Harrisburg Mayor Eric Papenfuse raised eyebrows after making a controversial statement at a violence forum Thursday night.
“We’ve got a river that segregates us by race,” he said, “with far too many poor black people on one side, too many prosperous white people on the other.”
Reaction was strong on social media. One tweet reads, “I remember when I moved here 4 years ago. Everyone told me with tongue in cheek, ‘The West Shore is The White Shore.’”
City leaders and community activists on the East Shore say it’s not controversial, just fact, and once we realize it, we can address it.,
It’s not that clear cut for some. David La Torre, who runs a public relations firm in the city, tweeted at the mayor, “So it’s the fault of those of us who live on the West Shore? … I’d rather you just thank me for buying property, locating my business, and investing in another in Harrisburg.”
“It’s certainly not everybody on the West Shore is afraid to come to the East Shore,” said Darrel Reinford, executive director of Christian Churches United of the Tri-County Area in Harrisburg. The group provides social services to Dauphin, Cumberland, and Perry counties.
Reinford recently moved from the city to the West Shore himself and says the divide is very real.
Recent census data show Harrisburg is more than 50 percent African-American and the median household income is around $32,000.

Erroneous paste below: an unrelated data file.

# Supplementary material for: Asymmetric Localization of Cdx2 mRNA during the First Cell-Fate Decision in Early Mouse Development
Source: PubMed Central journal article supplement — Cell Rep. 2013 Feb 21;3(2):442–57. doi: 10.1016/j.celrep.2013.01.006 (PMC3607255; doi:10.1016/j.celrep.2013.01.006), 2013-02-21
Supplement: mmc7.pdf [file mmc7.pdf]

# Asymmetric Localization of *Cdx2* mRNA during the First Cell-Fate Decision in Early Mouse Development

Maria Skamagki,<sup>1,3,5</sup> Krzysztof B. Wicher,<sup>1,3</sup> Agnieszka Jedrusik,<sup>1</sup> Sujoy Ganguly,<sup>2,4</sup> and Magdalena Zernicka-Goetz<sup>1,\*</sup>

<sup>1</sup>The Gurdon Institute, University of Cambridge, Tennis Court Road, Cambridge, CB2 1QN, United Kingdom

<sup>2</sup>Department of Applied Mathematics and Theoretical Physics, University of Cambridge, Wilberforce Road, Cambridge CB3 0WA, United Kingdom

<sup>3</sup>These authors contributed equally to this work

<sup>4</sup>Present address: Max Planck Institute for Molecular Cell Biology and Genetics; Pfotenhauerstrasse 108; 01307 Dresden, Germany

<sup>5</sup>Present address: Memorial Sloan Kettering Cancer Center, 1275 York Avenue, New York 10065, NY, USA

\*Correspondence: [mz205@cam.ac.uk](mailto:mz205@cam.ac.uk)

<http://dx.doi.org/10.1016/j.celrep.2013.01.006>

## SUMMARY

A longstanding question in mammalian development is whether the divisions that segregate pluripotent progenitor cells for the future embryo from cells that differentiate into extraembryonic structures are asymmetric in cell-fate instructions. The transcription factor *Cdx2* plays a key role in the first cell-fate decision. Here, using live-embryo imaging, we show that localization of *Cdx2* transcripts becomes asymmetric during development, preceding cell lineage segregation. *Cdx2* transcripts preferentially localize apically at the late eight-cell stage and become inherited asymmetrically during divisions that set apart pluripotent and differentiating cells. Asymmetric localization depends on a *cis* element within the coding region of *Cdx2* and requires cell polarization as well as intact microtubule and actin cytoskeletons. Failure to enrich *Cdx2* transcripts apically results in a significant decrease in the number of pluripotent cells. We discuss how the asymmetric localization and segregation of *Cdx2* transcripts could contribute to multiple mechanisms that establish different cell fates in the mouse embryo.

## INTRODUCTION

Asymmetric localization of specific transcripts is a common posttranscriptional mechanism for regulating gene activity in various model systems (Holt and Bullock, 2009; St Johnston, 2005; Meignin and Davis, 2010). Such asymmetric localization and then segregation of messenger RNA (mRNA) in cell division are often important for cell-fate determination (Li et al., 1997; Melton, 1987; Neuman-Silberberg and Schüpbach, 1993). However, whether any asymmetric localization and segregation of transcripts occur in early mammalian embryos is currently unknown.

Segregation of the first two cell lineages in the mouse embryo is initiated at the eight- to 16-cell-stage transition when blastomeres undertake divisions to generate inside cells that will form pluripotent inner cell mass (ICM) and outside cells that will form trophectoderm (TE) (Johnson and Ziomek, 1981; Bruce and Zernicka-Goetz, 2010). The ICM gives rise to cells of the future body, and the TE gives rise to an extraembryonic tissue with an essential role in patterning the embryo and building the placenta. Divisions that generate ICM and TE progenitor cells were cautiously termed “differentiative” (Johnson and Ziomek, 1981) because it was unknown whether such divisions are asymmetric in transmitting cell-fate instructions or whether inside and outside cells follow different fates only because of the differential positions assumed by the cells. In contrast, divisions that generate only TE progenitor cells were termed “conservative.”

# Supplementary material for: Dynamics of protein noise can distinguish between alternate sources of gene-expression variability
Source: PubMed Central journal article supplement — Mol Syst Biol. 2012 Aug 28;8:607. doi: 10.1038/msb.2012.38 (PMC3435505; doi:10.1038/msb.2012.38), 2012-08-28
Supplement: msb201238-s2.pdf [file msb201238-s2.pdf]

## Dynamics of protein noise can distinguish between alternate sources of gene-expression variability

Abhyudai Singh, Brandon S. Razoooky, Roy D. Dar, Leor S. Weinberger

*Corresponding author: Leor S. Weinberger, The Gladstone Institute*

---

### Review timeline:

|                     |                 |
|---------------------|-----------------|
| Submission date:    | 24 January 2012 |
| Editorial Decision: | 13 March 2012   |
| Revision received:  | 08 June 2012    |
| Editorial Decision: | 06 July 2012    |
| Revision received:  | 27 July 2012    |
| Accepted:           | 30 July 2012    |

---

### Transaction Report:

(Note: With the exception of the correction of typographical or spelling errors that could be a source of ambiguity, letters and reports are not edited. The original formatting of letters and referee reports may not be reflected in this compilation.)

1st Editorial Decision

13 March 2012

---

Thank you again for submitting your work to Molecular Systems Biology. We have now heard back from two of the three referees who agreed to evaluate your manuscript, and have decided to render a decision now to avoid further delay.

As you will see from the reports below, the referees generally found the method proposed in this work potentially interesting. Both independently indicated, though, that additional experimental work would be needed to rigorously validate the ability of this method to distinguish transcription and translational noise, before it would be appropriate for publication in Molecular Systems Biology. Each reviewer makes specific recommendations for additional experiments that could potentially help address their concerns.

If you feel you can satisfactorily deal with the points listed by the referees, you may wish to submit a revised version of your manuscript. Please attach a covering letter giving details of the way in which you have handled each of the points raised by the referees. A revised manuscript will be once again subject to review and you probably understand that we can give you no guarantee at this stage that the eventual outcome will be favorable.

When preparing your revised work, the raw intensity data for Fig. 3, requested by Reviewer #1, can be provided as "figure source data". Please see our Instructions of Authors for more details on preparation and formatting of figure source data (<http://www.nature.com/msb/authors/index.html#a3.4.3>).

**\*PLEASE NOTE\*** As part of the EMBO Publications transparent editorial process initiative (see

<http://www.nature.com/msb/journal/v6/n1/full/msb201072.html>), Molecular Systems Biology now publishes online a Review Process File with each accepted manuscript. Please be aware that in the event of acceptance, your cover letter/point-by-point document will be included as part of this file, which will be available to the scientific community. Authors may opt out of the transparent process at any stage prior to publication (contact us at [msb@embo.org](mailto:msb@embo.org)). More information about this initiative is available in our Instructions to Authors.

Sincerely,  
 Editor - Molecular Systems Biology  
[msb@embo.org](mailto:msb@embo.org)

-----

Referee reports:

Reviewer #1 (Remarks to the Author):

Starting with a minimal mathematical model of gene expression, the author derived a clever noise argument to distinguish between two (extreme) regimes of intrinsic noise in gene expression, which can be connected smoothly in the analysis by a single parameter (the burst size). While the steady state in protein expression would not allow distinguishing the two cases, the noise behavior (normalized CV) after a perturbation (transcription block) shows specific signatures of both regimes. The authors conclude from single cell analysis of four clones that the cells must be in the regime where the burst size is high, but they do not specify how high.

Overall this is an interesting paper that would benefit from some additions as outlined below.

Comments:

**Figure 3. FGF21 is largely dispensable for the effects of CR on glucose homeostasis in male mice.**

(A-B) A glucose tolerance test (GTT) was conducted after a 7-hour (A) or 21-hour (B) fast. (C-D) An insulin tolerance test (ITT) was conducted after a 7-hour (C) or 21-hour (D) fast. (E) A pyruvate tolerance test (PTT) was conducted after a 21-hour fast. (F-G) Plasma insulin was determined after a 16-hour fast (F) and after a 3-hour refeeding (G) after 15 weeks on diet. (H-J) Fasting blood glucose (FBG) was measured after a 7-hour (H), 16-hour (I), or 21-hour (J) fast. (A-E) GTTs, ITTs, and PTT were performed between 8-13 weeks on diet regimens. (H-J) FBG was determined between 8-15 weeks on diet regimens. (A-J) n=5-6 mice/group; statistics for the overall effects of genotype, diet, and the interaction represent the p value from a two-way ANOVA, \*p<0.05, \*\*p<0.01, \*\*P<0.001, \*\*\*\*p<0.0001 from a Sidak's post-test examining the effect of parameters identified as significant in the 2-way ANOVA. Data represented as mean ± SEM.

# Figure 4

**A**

Camp Hill, for comparison, is 1.8 percent black, with a median income of $65,000.
“Particularly for white folks,” Reinford said, “we need to listen to people of color and hear about their experience.”
“These are very, very difficult issues for our community,” city spokeswoman Joyce Davis said, adding the mayor wants to find solutions.
She cites meetings with state lawmakers and his Interfaith Advisory Council, “so that people on the West Shore get to know and interact with people in Harrisburg neighborhoods and communities.”
One initiative, My Brother’s Keeper, aims to bring more regional voices to the table.
Richard Hampton, a pastor in Steelton, is one of them.
“I don’t think he said anything controversial,” Hampton said of the mayor’s comments. “I think he spoke the truth, and sometimes the truth does make us uncomfortable. But until we face that truth, we’re never going to be able to change our reality.”Davis also made clear the mayor did not intend to insult or offend anyone living on the West Shore, that he was just addressing the problems he hears from his city.